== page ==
IT’S ON! Only just maybe but it’s on. We’re talking victory for Europe
here. Still unlikely, still not the way to bet but with just today’s
singles left for us to savour Nick Faldo’s battlers have hauled themselves
back into this Ryder Cup, two points adrift of the USA.

Thirteen years ago Europe went into Sunday two points adrift and pulled in
a bucket of points but historically it remains unlikely. What is certain is
that these matches have returned to a good place, a close place, a
compelling place.

Those of us who have delighted in the easy-peasy victories over the last
few years but who have missed the old closeness have reason to rejoice
again. Once more the nerve-ends will be on display, once more take care how
you drink that glass of wine or beer because there are going to be a lot of
tipping moments now to savour.

What all is now beyond question is the wisdom of Nick Faldo’s decision to
select Ian Poulter ahead of one or two rather more obvious – to many of us
anyway – captain’s picks. Faldo failed to make a compelling case for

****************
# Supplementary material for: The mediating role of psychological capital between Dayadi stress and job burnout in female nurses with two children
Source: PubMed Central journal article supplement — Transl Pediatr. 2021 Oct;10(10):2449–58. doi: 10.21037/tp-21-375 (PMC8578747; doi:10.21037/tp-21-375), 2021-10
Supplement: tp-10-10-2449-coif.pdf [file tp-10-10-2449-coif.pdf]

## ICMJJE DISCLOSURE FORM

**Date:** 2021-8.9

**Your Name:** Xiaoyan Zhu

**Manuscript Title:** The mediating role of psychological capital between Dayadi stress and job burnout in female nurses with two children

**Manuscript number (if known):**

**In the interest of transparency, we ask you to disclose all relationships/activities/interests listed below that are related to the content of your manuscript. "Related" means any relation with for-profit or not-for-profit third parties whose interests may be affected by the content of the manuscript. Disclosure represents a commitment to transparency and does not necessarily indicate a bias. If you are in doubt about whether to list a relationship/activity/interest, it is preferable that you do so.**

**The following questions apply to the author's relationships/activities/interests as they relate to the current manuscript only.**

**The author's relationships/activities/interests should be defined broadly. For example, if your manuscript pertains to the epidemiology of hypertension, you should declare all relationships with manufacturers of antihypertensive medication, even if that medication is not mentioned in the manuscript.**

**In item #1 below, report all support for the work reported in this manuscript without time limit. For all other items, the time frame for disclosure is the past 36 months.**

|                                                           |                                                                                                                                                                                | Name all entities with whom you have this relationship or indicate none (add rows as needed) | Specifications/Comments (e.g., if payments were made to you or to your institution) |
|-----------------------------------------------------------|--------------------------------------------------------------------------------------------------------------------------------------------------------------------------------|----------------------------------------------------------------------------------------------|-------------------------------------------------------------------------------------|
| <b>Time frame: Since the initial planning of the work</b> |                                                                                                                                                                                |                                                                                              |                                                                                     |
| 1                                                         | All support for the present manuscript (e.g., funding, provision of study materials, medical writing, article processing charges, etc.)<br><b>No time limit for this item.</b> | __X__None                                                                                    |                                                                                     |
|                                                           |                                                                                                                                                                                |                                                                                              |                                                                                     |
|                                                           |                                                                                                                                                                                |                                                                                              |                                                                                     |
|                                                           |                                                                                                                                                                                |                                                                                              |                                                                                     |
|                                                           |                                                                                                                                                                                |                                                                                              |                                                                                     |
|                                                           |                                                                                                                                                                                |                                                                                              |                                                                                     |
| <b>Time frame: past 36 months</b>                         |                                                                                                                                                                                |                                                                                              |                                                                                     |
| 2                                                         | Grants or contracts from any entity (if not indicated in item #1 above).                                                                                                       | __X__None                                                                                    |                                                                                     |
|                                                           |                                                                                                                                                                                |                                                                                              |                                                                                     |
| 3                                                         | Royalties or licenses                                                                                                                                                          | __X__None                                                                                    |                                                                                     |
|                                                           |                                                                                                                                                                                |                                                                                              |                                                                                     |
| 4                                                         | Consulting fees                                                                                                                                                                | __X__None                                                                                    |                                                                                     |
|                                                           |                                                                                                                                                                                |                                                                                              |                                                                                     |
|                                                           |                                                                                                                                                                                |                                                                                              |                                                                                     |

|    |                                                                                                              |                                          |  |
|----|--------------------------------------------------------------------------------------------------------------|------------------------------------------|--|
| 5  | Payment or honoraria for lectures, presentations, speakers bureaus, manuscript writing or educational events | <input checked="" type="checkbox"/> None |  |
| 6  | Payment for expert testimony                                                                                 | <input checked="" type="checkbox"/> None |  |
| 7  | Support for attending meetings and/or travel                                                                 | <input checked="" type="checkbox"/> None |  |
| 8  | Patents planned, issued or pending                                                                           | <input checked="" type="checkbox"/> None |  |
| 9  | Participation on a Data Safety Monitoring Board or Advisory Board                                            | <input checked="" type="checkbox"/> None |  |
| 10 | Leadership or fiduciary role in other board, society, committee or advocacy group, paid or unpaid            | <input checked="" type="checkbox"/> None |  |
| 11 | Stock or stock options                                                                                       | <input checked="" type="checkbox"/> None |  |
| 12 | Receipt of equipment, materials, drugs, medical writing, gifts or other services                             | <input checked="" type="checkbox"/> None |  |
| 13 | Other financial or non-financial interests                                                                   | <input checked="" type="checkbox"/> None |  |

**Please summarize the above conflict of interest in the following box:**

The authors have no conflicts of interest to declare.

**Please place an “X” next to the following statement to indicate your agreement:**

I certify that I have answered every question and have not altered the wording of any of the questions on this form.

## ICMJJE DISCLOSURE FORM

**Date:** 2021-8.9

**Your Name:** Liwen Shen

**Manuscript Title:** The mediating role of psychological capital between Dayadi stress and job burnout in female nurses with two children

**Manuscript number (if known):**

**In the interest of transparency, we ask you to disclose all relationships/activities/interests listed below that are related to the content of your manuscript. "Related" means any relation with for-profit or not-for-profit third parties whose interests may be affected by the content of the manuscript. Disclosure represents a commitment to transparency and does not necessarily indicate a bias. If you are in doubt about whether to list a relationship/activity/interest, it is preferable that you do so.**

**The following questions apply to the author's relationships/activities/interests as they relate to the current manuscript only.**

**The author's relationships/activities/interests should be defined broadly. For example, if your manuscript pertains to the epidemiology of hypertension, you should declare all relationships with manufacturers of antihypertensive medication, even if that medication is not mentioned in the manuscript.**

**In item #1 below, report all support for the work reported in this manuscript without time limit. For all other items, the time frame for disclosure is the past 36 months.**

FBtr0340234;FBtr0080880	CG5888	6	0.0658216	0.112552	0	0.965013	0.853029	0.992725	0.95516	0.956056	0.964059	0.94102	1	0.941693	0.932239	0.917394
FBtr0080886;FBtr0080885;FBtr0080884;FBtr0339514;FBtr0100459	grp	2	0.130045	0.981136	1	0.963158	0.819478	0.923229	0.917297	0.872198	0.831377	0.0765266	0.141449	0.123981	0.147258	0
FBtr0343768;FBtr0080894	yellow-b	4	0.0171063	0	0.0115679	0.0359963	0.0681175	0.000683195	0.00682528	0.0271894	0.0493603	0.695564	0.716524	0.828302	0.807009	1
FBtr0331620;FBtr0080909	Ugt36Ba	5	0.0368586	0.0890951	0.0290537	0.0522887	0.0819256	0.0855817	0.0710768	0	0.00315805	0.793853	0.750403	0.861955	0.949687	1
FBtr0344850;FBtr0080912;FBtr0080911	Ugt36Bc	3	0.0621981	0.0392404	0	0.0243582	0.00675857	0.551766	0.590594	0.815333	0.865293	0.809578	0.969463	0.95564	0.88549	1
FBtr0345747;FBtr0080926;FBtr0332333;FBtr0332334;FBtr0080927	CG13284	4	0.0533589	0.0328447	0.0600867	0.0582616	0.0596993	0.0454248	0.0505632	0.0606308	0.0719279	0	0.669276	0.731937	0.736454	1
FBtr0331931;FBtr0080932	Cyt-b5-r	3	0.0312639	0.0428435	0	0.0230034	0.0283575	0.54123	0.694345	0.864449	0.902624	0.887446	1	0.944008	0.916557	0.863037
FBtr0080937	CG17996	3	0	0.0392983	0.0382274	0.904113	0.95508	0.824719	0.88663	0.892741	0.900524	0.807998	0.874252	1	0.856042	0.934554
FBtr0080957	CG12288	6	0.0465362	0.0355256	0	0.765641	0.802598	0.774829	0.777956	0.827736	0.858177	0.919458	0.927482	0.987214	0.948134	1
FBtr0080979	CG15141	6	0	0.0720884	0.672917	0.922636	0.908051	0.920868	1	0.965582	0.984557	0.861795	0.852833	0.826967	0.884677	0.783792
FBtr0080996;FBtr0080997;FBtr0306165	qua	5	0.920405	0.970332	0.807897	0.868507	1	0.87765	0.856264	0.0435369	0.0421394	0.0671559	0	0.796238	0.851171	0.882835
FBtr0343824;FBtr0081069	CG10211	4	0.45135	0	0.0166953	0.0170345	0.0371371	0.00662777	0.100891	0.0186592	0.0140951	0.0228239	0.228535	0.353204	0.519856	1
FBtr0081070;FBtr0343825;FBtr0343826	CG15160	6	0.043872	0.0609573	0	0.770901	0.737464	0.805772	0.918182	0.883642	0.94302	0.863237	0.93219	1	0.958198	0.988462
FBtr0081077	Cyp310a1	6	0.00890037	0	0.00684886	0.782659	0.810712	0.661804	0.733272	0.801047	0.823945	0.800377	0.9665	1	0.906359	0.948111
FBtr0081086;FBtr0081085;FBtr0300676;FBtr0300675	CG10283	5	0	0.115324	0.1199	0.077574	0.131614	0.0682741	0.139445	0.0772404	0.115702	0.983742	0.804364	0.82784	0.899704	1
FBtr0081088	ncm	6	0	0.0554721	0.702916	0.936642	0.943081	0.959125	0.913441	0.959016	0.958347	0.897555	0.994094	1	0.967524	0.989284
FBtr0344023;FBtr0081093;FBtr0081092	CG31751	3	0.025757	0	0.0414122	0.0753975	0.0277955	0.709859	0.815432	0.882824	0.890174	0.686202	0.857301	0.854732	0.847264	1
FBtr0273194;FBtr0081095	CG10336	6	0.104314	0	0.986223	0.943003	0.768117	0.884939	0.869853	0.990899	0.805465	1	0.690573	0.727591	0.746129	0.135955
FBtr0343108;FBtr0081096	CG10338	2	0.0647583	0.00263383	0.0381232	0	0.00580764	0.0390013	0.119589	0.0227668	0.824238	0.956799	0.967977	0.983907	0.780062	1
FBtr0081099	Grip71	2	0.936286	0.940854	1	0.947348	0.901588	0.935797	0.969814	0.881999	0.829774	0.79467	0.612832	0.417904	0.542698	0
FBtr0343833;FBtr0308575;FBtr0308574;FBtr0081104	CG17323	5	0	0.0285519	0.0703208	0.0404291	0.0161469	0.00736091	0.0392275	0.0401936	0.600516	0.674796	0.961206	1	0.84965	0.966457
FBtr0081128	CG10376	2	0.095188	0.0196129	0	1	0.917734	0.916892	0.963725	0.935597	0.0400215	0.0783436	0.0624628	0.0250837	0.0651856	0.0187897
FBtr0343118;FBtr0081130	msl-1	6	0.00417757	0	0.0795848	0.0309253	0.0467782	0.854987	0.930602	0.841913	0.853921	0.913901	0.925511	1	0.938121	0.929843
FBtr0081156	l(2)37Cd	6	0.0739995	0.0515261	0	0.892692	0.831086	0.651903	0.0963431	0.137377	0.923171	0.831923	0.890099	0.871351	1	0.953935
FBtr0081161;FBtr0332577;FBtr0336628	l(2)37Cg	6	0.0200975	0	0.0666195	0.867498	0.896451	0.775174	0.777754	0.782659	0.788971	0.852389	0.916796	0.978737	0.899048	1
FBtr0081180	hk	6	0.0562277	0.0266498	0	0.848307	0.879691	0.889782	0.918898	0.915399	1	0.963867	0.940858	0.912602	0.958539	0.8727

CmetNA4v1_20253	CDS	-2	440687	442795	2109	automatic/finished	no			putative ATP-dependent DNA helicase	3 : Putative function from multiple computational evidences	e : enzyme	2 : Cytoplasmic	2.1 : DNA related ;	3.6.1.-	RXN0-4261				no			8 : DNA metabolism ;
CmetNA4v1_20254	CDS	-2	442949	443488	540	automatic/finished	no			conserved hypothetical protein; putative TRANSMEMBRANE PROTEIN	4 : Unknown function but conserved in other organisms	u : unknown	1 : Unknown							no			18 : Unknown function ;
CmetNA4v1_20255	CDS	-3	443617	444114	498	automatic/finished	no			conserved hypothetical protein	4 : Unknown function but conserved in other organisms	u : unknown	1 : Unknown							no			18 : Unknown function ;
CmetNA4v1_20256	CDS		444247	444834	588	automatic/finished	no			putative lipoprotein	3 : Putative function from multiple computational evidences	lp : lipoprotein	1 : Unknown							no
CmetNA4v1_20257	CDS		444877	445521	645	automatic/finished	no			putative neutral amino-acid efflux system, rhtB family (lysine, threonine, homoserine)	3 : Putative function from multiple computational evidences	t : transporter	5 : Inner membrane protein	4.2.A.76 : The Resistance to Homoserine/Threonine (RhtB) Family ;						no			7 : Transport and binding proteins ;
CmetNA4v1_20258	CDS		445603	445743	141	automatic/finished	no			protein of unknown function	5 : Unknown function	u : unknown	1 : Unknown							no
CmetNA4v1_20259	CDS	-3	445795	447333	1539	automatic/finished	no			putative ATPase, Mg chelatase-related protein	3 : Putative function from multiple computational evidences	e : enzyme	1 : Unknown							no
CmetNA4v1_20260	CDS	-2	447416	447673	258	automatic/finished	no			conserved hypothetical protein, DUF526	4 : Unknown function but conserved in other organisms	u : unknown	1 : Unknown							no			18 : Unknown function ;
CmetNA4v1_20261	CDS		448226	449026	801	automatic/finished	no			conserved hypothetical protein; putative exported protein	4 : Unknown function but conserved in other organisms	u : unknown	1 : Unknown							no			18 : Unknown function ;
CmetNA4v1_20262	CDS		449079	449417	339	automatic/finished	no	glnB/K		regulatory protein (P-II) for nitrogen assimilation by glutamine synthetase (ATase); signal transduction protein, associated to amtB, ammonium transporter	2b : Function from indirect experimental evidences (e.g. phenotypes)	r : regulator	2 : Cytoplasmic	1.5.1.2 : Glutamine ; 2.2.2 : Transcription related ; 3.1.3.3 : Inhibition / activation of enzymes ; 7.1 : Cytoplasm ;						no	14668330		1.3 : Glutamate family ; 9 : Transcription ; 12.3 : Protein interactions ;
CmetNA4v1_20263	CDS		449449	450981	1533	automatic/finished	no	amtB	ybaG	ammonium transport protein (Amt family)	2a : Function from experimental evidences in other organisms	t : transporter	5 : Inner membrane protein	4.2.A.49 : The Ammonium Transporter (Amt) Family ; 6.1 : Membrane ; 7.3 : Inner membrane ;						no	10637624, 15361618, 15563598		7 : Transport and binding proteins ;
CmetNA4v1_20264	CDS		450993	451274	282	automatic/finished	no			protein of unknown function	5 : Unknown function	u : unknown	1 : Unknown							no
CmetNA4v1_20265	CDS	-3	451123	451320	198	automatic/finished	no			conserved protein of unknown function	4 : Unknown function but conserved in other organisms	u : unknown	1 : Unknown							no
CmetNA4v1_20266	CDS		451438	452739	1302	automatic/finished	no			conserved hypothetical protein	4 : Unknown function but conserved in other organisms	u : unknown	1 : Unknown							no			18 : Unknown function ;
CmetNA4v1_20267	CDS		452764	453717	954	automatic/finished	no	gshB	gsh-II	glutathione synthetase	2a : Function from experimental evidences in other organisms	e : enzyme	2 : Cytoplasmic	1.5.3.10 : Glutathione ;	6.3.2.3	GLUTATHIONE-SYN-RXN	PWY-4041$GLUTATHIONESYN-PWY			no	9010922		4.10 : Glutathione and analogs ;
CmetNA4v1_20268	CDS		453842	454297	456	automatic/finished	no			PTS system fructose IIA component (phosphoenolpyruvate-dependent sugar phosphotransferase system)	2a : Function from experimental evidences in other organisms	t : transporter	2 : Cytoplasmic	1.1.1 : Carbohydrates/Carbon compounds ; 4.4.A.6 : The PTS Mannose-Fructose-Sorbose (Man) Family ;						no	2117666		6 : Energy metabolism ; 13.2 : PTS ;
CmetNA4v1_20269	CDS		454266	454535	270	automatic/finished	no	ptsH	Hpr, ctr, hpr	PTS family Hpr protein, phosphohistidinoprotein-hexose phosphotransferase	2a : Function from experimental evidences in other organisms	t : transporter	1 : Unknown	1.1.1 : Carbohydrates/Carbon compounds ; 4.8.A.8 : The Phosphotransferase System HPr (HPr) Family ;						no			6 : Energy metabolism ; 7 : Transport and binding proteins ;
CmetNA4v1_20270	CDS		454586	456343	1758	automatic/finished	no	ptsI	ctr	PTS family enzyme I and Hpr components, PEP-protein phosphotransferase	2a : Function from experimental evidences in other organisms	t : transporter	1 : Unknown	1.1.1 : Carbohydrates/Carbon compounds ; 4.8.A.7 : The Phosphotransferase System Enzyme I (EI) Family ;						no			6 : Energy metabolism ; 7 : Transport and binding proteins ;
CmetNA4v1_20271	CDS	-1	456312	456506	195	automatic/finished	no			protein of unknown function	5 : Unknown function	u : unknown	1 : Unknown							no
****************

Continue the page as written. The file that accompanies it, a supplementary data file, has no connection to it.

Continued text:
Poulter’s inclusion when he revealed his decision in Scotland a fortnight
ago but the man himself has let his clubs deliver an irrefutable case for
his participation over the last 48 hours.

His match, partnering Graeme McDowell against Kenny Perry and Jim Furyk,
was one of the great duels and Poulter’s deal concluding putt on the final
hole was every bit as relevant to the lippy one’s career as the longer putt
he holed during The Open this year.

But then there were so many heroes on view yesterday. Sergio Garcia
returning to form and hauling Paul Casey up there somewhere with him, the
Spaniard’s heartbeat passion illuminating a captivating day of sublimely
hard-fought golf.

And then there is Robert Karlsson. The tall Swede, either eccentric,
interesting or nuts depending on your point of view, produced golf of an
impossibly rare brand as he offered six birdies over Valhalla’s daunting
back nine. That this was only good enough to secure a half point against
Phil Mickelson and Hunter Mahan merely underlines the quality on view here
in Kentucky.

And whatever else is true of this 37th Ryder Cup it may now safely be said
that the years of total European domination are over for a while. The
Americans, ritually humiliated whenever they played the old match this
century, may no longer be studded with legendary names but the new
generation have proved already this week at Valhalla that, mostly, they are
made of the right stuff.

Pumped up by the crowd, many thousands of Louisville lips yelling their
encouragement, and focused on the victory that has been sought since the
dust finally settled on the embarrassment that had been Brookline in 1999,
Paul Azinger’s players are on their way to showing that the sum of the
parts is more relevant than the individual components. Enjoy.